Bishop John M. D’Arcy said Tuesday he will not attend the University of Notre Dame’s graduation ceremony, where President Obama is scheduled to deliver the commencement speech and receive an honorary degree.
President Obama has recently reaffirmed, and has now placed in public policy, his long-stated unwillingness to hold human life as sacred, said D’Arcy, head of the Catholic Diocese of Fort Wayne-South Bend, in a written statement.
Entering a growing controversy over whether the president’s presence at the university’s graduation ceremony May 17 is an affront to Catholic teachings and values, D’Arcy said he could not, in good conscience, attend.
I wish no disrespect to the president, I pray for him and I wish him well. I have always revered the office of the presidency. But a bishop must teach the Catholic faith in season and out of season,’ and he teaches not only by his words – but by his actions, D’Arcy said.
His statement came after national Catholic groups condemned the university for Obama’s selection, which was announced by the White House on Friday.
On Monday, the American Life League, which calls itself the nation’s largest grass-roots Catholic organization opposed to abortion, denounced the choice.
By noon Tuesday, the Cardinal Newman Society, a group that supports closer control by the Catholic church of teaching at Catholic universities, reported gathering nearly 65,000 signatures in an online petition to express its outrage. The group called the selection an outrage and a scandal.
Brian Burch, president of advocacy group CatholicVote.org, said last week that Notre Dame’s invitation should be rescinded.
For a prominent Catholic institution to give President Obama the benefit of their platform is shocking and disappointing, he said.
A commencement speaker, Burch said, is held out as someone students ought to emulate and admire. There’s a clear contradiction between his policies and that which a Catholic institution is presumably bound to promote.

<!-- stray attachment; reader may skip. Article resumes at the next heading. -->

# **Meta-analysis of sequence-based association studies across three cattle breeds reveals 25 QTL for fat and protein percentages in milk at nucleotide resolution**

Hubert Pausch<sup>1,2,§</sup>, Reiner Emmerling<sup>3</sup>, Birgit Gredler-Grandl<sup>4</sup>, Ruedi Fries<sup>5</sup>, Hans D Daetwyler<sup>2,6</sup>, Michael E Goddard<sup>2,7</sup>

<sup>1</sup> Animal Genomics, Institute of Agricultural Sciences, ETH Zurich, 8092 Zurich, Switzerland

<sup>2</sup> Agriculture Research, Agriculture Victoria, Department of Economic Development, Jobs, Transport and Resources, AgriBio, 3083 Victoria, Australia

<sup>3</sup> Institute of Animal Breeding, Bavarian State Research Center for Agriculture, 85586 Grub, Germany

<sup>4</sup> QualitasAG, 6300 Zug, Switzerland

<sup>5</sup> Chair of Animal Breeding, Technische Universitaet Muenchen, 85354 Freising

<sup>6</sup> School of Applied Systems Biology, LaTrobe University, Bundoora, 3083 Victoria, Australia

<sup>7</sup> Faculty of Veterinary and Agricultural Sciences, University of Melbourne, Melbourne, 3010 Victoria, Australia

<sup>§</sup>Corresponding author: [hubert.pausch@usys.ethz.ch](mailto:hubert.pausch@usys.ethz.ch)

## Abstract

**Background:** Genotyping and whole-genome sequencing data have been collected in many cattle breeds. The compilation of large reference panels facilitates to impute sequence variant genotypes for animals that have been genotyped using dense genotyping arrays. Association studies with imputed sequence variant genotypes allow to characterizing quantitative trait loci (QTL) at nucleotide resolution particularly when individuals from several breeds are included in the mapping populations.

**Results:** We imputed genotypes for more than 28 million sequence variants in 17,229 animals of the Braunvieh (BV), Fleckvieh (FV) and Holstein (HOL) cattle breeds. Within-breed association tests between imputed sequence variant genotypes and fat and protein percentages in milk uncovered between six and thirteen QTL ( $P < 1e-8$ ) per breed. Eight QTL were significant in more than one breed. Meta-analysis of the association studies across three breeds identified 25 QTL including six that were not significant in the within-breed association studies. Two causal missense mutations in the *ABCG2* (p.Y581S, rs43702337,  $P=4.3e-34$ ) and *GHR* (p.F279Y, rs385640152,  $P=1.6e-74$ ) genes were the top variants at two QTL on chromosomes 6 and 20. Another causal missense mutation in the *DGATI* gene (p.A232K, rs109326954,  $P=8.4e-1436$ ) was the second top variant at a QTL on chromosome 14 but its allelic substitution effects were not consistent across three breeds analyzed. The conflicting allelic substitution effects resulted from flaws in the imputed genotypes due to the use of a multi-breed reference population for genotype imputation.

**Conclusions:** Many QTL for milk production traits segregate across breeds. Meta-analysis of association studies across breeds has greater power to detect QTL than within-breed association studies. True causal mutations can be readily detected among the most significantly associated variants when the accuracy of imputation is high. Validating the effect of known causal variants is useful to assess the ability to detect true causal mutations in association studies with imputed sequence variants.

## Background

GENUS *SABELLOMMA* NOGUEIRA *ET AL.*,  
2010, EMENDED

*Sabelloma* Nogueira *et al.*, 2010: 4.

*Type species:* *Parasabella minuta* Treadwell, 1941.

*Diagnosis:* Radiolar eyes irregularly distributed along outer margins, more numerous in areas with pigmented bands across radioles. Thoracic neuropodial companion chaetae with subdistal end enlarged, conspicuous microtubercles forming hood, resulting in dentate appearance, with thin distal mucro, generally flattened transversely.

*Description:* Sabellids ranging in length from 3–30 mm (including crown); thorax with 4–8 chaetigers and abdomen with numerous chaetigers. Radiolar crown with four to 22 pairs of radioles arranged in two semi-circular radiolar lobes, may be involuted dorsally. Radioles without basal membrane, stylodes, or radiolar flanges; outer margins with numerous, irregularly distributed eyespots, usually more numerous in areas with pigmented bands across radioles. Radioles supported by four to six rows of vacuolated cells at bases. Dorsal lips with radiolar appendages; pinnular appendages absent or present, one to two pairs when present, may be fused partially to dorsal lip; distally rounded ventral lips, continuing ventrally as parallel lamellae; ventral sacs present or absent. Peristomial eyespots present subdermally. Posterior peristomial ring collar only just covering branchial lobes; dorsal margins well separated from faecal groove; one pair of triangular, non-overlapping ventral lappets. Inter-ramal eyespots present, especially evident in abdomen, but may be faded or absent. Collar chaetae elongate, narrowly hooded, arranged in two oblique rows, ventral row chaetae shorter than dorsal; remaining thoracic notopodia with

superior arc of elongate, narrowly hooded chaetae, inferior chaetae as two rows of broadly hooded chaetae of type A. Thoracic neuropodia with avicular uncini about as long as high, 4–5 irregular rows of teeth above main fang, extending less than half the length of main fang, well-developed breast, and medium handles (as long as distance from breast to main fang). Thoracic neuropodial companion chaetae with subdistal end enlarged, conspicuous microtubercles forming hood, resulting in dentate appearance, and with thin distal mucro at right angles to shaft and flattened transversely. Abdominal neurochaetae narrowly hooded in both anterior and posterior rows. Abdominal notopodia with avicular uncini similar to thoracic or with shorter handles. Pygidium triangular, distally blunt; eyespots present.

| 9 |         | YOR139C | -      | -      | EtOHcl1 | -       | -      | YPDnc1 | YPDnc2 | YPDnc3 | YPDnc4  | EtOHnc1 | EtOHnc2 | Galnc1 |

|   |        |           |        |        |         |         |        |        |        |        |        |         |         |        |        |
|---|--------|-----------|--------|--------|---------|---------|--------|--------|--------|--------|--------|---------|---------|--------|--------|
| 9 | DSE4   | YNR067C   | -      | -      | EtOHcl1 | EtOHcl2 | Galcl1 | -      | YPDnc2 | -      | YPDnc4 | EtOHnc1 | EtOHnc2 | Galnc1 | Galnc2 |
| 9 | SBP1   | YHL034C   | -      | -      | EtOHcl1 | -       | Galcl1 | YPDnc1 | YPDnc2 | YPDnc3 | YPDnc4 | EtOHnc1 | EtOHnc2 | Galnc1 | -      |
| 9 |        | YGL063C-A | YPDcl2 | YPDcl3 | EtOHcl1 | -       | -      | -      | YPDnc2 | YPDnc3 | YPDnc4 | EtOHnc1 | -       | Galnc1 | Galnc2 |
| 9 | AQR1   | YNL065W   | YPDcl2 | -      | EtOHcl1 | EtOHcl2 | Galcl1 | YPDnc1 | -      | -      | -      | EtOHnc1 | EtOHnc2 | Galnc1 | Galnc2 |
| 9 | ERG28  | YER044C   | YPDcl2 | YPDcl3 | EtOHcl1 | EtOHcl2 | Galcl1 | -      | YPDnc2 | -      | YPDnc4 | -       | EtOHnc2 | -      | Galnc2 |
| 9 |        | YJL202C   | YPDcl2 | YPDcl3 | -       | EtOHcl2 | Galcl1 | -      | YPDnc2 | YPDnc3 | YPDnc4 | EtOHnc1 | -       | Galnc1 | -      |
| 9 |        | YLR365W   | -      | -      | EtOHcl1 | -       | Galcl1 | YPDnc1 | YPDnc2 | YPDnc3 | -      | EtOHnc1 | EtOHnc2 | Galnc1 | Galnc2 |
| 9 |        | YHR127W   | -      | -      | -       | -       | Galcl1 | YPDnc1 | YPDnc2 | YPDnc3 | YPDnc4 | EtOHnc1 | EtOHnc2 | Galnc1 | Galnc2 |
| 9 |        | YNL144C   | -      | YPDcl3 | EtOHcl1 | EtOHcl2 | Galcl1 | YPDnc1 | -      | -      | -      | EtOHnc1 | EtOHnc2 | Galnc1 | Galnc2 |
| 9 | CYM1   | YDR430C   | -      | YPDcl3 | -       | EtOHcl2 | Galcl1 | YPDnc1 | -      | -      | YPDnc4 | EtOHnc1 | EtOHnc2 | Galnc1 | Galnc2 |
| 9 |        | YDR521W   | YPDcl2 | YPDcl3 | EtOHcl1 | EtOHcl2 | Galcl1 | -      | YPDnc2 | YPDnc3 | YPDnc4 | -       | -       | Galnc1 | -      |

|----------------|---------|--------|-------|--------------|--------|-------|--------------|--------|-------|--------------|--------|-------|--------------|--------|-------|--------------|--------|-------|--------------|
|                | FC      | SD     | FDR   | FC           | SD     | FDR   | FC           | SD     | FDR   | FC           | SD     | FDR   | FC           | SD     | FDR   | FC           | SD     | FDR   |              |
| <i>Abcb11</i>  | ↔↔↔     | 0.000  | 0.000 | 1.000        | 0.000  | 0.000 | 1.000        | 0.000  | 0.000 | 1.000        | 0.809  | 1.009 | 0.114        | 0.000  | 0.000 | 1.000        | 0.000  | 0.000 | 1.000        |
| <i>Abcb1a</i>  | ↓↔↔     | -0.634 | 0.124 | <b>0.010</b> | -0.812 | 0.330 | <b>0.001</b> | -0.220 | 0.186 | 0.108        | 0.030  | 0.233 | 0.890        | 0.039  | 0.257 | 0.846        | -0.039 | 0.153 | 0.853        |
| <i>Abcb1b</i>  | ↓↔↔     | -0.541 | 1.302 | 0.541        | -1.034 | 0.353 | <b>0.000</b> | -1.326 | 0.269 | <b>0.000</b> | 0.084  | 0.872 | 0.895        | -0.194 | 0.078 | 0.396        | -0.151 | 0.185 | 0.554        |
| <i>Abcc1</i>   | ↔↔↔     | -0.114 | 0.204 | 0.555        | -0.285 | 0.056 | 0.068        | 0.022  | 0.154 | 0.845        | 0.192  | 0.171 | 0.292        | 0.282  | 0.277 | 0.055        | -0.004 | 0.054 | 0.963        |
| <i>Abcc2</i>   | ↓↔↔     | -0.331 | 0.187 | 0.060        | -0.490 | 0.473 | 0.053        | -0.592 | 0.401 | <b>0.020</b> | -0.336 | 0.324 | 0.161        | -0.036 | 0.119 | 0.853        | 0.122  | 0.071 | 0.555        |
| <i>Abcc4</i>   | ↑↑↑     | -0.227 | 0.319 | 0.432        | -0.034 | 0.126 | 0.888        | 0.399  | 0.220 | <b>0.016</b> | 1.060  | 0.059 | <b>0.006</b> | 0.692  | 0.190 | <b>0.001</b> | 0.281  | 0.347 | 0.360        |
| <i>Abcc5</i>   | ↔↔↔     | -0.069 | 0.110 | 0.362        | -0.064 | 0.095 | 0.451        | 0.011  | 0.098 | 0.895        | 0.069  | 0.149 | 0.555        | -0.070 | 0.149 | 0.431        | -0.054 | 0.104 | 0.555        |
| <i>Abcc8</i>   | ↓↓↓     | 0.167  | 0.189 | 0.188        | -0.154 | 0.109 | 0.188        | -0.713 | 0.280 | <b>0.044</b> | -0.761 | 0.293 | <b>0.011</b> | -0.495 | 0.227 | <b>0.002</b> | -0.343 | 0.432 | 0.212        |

Notre Dame spokesman Dennis Brown said Tuesday that taking back the invitation is unlikely and criticism was anticipated.
On Monday, the Rev. John I. Jenkins, university president, issued a statement that the invitation to Obama should not be taken as condoning or endorsing his positions on specific issues including abortion and embryonic stem-cell research.
Instead, Notre Dame sees the visit as a basis for further positive engagement, Jenkins’ statement says.
Through a spokesman, Jenkins declined to respond to D’Arcy, who also declined interviews Tuesday.
The two have skirmished before. In 2006 and last year, they clashed over the school’s decision to allow the play The Vagina Monologues to be performed on campus.
In his statement, D’Arcy said he learned of Notre Dame’s selection of Obama in a phone call from Jenkins on Friday.
He cited the U.S. Conference of Catholic Bishops’ policy that Catholic institutions should not give honors to those who act in defiance of our fundamental moral principles lest they suggest support for such actions.
Saying the decision to host Obama was shocking to many, the bishop argued that Notre Dame had chosen the prestige of having the president speak over principles.
Indeed, the measure of any Catholic institution is not only what it stands for, but also what it will not stand for, D’Arcy’s statement said.